Linda Cartwright

Persuaded by the adage "Even if you're not interested in politics, politics is interested in YOU," I came to Washington after college to work for a congressman and learn the way politics worked from the inside.

I was a congressional staffer for 14 years, the last seven as director of the Environmental and Energy Study Conference, a part of Congress that provided legislative reporting and analysis. Year after year, 90 of 100 Senators and nearly 300 House members subscribed.

When the Center for Responsive Politics surveyed lawmakers and their staffs on the effectiveness of Congress, its report read, "When asked about the quality of caucus information, one group, the Environmental and Energy Study Conference, received so much praise a separate category had to be created."

When EESC lost its funding in 1995, those of us on the EESC staff privatized the publications as Congressional Green Sheets, with me as the company's president.

After 10 years, Green Sheets was purchased by Congressional Quarterly, and my colleagues and I joined the CQ staff. At CQ, I initially was associate editor, compiling and writing morning news summaries. Later, I was editor of CQ Green Sheets.

At the end of 2007, I was charged with developing First Light, a first-thing-in-the-morning speed summary of the top news, ideas and trends of interest to Congress and those who want to influence it.

Because of changes at CQ, First Light has been switched off.

Now my blog, Citizen Cartwright, is making available to the general public what until now only has been available to subscribers paying big bucks. I hope you'll join me in what I consider the great fun of staying on top of the ways politics is interested in all of us.

Understanding the complex Nelson Mandela

In many ways, the South Africa leader's life makes sense as a natural progression, but in other ways his behavior is such a surprise.  And that's the part that's so inspiring....more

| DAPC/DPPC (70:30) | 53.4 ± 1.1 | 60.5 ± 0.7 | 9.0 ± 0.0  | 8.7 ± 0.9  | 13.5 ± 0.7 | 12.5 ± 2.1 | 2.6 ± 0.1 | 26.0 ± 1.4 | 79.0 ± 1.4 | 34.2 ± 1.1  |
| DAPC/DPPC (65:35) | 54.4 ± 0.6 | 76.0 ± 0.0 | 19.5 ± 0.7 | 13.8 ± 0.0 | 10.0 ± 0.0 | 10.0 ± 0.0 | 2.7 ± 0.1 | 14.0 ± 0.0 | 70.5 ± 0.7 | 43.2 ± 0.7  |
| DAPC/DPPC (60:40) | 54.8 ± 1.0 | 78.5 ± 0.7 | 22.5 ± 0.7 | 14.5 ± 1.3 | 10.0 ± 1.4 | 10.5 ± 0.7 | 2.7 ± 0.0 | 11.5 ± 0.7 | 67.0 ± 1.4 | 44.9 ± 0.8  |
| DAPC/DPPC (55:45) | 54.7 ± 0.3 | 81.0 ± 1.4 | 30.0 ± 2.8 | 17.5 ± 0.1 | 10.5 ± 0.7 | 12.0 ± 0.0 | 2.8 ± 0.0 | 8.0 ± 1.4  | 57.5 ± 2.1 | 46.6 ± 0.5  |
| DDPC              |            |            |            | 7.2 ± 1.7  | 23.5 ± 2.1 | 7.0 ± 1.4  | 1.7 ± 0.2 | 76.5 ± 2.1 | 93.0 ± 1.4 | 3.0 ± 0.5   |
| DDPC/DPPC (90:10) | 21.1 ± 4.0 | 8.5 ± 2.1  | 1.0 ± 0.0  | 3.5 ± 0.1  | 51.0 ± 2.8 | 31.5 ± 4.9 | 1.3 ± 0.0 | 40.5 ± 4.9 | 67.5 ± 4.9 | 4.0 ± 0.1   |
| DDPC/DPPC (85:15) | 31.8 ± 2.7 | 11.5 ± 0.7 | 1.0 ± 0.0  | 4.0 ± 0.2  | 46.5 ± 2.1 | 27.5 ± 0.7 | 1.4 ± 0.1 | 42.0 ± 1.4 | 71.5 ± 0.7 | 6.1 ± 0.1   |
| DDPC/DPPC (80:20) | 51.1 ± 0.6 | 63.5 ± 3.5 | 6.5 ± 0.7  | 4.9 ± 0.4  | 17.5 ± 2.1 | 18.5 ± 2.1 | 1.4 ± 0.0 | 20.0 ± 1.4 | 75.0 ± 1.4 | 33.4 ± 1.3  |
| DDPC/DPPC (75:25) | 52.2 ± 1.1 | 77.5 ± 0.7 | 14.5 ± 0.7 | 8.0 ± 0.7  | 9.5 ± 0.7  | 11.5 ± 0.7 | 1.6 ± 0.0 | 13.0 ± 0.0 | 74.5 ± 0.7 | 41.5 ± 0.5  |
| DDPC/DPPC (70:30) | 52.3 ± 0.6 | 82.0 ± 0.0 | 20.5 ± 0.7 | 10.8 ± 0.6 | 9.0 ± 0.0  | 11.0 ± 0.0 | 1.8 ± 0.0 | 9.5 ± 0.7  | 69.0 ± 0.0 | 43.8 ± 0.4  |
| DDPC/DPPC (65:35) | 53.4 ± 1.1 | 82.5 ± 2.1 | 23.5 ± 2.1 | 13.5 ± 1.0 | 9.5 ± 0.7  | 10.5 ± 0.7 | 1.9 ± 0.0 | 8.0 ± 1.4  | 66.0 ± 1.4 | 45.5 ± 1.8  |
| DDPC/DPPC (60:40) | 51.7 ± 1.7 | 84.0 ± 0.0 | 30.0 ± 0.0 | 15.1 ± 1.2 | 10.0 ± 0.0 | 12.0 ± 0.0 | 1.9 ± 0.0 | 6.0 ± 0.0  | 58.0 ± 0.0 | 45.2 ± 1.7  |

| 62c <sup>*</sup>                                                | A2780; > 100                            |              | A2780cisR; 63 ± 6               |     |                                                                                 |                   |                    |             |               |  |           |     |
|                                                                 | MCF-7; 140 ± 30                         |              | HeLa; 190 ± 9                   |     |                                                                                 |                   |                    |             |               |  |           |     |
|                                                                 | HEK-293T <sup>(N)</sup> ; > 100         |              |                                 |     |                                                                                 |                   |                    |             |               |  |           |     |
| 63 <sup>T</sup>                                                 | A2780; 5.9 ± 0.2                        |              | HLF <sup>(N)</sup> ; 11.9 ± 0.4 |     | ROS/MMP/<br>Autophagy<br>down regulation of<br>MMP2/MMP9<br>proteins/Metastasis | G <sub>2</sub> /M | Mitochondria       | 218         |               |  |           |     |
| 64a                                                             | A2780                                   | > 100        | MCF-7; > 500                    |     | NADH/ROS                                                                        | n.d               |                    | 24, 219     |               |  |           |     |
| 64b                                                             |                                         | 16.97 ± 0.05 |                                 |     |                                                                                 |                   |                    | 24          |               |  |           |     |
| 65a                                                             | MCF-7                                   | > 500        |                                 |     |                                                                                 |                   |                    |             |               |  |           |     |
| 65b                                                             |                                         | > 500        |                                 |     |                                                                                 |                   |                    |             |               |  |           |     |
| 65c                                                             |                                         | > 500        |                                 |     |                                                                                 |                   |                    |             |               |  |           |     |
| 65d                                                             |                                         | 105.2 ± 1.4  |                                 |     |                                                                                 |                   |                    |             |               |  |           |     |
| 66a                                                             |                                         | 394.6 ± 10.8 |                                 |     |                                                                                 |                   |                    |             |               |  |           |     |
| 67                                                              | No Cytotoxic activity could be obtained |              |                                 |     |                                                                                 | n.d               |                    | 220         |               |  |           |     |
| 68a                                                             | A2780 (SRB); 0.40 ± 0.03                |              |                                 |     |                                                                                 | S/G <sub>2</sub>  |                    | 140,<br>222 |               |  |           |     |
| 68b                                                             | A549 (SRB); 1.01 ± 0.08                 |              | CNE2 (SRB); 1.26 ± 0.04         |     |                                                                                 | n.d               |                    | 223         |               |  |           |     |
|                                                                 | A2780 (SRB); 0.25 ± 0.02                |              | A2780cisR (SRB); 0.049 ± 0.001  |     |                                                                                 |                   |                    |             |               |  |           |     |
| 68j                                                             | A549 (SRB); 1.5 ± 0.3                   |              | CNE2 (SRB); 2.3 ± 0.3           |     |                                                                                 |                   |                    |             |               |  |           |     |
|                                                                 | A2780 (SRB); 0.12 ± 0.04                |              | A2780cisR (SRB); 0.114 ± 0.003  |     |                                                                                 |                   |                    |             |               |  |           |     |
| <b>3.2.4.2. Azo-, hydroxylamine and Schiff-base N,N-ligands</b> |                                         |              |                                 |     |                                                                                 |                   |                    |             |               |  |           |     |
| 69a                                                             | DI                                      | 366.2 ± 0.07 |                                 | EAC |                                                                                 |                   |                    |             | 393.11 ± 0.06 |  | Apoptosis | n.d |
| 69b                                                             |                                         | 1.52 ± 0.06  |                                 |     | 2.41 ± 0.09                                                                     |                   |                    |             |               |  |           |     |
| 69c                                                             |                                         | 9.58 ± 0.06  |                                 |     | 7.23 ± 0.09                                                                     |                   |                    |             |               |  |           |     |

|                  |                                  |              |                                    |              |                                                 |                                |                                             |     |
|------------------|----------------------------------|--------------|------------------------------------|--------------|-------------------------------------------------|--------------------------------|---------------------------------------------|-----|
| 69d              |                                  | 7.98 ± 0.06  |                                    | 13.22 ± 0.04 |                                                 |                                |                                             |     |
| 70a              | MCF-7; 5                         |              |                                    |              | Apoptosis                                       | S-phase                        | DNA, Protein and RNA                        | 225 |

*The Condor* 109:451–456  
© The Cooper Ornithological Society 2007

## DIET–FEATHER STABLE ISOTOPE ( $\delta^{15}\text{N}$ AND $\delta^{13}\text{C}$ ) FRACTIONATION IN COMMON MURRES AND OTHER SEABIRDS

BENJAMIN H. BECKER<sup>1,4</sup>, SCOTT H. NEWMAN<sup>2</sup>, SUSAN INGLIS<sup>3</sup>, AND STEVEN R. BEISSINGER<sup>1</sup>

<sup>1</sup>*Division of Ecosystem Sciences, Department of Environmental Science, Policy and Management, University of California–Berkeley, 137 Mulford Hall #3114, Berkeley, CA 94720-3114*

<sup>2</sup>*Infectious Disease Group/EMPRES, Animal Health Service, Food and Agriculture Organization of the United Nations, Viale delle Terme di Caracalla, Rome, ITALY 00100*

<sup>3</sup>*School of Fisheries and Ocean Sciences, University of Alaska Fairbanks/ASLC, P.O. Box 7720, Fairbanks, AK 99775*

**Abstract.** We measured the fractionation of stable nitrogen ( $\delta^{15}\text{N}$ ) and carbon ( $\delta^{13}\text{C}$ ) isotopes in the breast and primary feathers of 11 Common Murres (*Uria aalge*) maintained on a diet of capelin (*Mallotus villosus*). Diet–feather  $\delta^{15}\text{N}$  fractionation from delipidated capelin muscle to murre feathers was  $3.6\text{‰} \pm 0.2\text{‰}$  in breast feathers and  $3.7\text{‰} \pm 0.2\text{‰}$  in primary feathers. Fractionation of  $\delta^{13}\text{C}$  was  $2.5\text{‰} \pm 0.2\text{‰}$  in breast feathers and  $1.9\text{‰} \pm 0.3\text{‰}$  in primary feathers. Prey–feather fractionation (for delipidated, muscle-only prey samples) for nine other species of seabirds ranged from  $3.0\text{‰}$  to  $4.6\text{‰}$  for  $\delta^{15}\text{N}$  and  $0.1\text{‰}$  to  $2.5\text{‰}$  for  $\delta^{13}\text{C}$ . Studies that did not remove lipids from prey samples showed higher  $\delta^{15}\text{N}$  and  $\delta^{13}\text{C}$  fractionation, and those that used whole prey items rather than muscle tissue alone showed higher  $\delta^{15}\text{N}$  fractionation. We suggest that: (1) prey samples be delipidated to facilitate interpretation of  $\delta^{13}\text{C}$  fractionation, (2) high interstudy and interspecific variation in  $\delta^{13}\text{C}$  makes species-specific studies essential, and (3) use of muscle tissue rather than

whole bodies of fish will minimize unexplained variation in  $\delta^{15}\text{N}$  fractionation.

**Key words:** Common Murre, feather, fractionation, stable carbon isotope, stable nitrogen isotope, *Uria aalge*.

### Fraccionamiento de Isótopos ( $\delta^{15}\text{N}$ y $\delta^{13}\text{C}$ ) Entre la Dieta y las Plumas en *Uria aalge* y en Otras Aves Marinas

Crying For Our Children Over Climate Change

As my husband and I read aloud to each other at dinner last Friday the news that a big symbolic global warming milestone had been passed, his eyes filled with tears and I cried outright. It was 25 years ago that he and I, working together at an environment-energy information office in the Congress, first learned about how we humans — doing such basic things as heating our homes and driving our cars — might change our little planet in ways unknown....more
Climate news--especially of this magnitude--is invariably depressing, but it can't freeze us in ...more

Thank you, Steve Jobs

The Apple CEO's resignation makes me sad for several reasons....more

Why does it matter if we teach our children to be 'good citizens?'

Did you see former Supreme Court Justice Sandra Day O’Connor talking about this last night on the PBS NewsHour?She said the No Child Left Behind law provided no federal money for history or government classes, so “many schools have opted not to teach them anymore.” ...more

I agree both ways. I feel that we definitely should be more educated on how government really ...more

'Little hope for progress' at next month's U.N. climate negotiations

As someone who has worked on environmental issues for most of my career, I can't help but think about the warning of most experts for years now that we have about ten years to make the changes necessary to avoid irreversible changes in the globe's climate. Here is a U.N. Human Development report from 2007 calling climate change "the defining human development challenge of the 21st century" and saying "the world has less than a decade to change course."...more

The 'decline' of the Senate

Have you seen the story in the Aug. 9 New Yorker asking "just how broken is the Senate?"...more

Liberals and conservatives live in different moral universes

At least, that's the view of psychologist Jonathan Haidt, who says he wants to "help both sides understand the other, so that policies can be made based on something more than misguided fear of what the other side is up to.”...more

How protected from terrorism are we?

The security/intelligence system is "so large, so unwieldy and so secretive that no one knows how much money it costs, how many people it employs, how many programs exist within it or exactly how many agencies do the same work," The Washington Post says after a two-year investigation of the national security buildup following 9/11. What does that mean for us citizens?...more

The threat of deadly infections

We've been hearing more and more about people who go into the hospital for even minor elective surgery and end up losing their lives to infections they get there.Now a new study says an estimated 48,000 people die each year of blood poisoning or pneumonia they come down with in the hospital, at a cost of more than $8 billion....more